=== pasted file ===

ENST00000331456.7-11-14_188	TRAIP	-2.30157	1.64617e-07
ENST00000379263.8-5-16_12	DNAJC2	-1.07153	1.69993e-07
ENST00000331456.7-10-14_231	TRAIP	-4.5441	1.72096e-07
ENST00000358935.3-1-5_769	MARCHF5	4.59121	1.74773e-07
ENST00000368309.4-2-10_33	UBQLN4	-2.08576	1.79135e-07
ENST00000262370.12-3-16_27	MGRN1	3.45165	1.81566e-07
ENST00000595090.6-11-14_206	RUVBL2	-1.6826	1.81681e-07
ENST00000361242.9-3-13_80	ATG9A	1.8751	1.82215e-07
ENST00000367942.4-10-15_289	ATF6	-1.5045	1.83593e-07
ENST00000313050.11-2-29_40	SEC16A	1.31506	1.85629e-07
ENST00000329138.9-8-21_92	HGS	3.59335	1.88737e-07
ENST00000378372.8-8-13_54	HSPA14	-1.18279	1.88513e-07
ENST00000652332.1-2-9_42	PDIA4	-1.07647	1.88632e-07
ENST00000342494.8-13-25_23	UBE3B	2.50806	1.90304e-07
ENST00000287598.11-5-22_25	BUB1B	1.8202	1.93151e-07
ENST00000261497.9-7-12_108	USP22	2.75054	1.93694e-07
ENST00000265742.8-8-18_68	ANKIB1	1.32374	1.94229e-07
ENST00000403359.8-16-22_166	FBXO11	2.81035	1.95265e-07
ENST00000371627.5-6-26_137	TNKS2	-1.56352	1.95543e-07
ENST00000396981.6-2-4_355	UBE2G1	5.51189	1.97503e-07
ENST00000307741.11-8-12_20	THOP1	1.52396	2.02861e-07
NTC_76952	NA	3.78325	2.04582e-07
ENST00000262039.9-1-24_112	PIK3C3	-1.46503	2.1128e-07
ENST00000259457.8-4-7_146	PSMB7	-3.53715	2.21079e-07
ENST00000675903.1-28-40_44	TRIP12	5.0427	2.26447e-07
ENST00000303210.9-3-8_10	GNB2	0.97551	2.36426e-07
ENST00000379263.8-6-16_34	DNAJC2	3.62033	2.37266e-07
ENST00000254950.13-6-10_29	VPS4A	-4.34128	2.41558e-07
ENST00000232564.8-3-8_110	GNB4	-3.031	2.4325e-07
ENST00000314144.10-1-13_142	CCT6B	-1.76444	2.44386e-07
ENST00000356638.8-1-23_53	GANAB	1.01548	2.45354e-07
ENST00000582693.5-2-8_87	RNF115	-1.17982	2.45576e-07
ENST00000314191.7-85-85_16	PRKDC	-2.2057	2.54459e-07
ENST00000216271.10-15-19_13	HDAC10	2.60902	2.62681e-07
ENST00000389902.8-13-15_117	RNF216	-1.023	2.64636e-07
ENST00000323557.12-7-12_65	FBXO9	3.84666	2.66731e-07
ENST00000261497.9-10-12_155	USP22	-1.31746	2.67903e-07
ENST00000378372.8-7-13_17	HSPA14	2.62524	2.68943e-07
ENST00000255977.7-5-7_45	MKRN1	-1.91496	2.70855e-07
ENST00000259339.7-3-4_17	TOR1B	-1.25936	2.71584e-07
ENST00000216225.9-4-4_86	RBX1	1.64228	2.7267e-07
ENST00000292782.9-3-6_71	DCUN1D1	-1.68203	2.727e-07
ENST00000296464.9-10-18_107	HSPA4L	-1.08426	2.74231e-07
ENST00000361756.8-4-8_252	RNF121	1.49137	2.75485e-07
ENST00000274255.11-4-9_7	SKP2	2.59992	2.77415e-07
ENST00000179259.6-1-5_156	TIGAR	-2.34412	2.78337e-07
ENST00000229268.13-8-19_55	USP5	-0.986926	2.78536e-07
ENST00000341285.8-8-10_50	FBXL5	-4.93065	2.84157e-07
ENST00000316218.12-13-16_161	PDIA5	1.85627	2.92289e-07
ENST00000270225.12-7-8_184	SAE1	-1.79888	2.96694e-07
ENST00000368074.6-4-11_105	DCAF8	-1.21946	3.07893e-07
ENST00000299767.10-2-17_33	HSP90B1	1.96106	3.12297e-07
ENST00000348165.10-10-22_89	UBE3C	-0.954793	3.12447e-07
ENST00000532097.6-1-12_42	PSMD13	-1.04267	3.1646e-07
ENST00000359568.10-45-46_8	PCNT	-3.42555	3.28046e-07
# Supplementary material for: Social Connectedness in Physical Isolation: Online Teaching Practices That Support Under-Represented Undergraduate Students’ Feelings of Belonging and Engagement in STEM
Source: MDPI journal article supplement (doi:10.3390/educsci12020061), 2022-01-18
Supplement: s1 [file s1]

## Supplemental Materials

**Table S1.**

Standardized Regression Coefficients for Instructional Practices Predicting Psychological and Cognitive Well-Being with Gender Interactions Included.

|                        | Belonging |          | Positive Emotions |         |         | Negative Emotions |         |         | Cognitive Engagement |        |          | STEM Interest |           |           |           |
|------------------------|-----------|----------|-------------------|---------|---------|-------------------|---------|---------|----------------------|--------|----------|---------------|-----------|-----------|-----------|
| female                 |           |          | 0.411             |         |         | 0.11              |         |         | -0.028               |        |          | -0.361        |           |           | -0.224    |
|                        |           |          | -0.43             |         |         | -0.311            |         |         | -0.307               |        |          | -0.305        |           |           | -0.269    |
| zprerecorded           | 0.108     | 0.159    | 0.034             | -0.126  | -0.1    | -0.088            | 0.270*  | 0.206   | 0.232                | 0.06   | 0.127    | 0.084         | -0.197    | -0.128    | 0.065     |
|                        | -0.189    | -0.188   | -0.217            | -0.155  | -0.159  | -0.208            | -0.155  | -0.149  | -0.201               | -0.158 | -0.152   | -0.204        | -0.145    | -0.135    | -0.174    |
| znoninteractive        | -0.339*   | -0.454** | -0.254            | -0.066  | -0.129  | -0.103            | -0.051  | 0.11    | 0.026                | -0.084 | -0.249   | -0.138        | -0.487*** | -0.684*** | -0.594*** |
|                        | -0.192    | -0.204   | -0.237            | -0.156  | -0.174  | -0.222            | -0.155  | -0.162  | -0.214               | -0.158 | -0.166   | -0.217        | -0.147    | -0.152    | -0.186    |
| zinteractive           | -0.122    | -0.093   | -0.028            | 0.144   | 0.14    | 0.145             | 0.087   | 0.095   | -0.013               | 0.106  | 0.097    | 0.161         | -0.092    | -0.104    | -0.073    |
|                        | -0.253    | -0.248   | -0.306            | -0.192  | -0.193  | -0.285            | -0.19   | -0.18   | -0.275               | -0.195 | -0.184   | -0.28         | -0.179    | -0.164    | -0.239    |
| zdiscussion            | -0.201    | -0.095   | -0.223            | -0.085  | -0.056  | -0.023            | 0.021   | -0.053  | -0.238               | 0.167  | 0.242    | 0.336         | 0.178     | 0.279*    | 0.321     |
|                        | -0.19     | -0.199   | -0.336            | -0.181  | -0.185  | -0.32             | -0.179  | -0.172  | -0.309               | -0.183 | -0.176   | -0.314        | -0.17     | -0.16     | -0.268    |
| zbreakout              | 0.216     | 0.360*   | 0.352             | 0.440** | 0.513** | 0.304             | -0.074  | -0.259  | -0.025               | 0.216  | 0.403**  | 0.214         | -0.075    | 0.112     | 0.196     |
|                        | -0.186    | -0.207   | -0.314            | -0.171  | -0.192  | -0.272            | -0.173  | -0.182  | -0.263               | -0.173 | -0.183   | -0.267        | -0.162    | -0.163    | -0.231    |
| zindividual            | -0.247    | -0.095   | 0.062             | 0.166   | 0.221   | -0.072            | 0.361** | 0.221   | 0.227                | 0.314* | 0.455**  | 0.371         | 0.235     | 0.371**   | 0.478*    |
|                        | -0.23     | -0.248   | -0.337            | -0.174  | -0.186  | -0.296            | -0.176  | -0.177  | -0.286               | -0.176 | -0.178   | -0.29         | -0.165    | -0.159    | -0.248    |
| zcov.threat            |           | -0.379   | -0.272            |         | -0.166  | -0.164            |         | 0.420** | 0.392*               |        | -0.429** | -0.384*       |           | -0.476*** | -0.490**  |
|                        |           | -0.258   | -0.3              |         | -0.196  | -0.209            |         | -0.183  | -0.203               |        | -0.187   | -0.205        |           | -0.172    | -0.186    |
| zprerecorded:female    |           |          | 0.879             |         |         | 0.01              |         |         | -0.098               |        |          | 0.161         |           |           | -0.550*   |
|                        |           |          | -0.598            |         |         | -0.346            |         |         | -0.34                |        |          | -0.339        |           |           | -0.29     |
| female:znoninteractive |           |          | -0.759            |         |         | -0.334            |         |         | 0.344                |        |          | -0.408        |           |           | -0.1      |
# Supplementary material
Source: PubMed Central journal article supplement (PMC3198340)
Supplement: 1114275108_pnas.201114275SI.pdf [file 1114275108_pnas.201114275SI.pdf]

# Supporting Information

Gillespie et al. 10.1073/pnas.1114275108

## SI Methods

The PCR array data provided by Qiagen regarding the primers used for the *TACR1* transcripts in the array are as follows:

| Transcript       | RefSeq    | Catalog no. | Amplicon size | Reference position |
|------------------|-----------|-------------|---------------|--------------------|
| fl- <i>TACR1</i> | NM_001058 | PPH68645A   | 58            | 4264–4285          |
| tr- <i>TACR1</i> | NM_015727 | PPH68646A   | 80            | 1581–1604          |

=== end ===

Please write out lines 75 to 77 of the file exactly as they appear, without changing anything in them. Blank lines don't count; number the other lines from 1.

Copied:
|                        | -0.186    | -0.207   | -0.314            | -0.171  | -0.192  | -0.272            | -0.173  | -0.182  | -0.263               | -0.173 | -0.183   | -0.267        | -0.162    | -0.163    | -0.231    |
| zindividual            | -0.247    | -0.095   | 0.062             | 0.166   | 0.221   | -0.072            | 0.361** | 0.221   | 0.227                | 0.314* | 0.455**  | 0.371         | 0.235     | 0.371**   | 0.478*    |
|                        | -0.23     | -0.248   | -0.337            | -0.174  | -0.186  | -0.296            | -0.176  | -0.177  | -0.286               | -0.176 | -0.178   | -0.29         | -0.165    | -0.159    | -0.248    |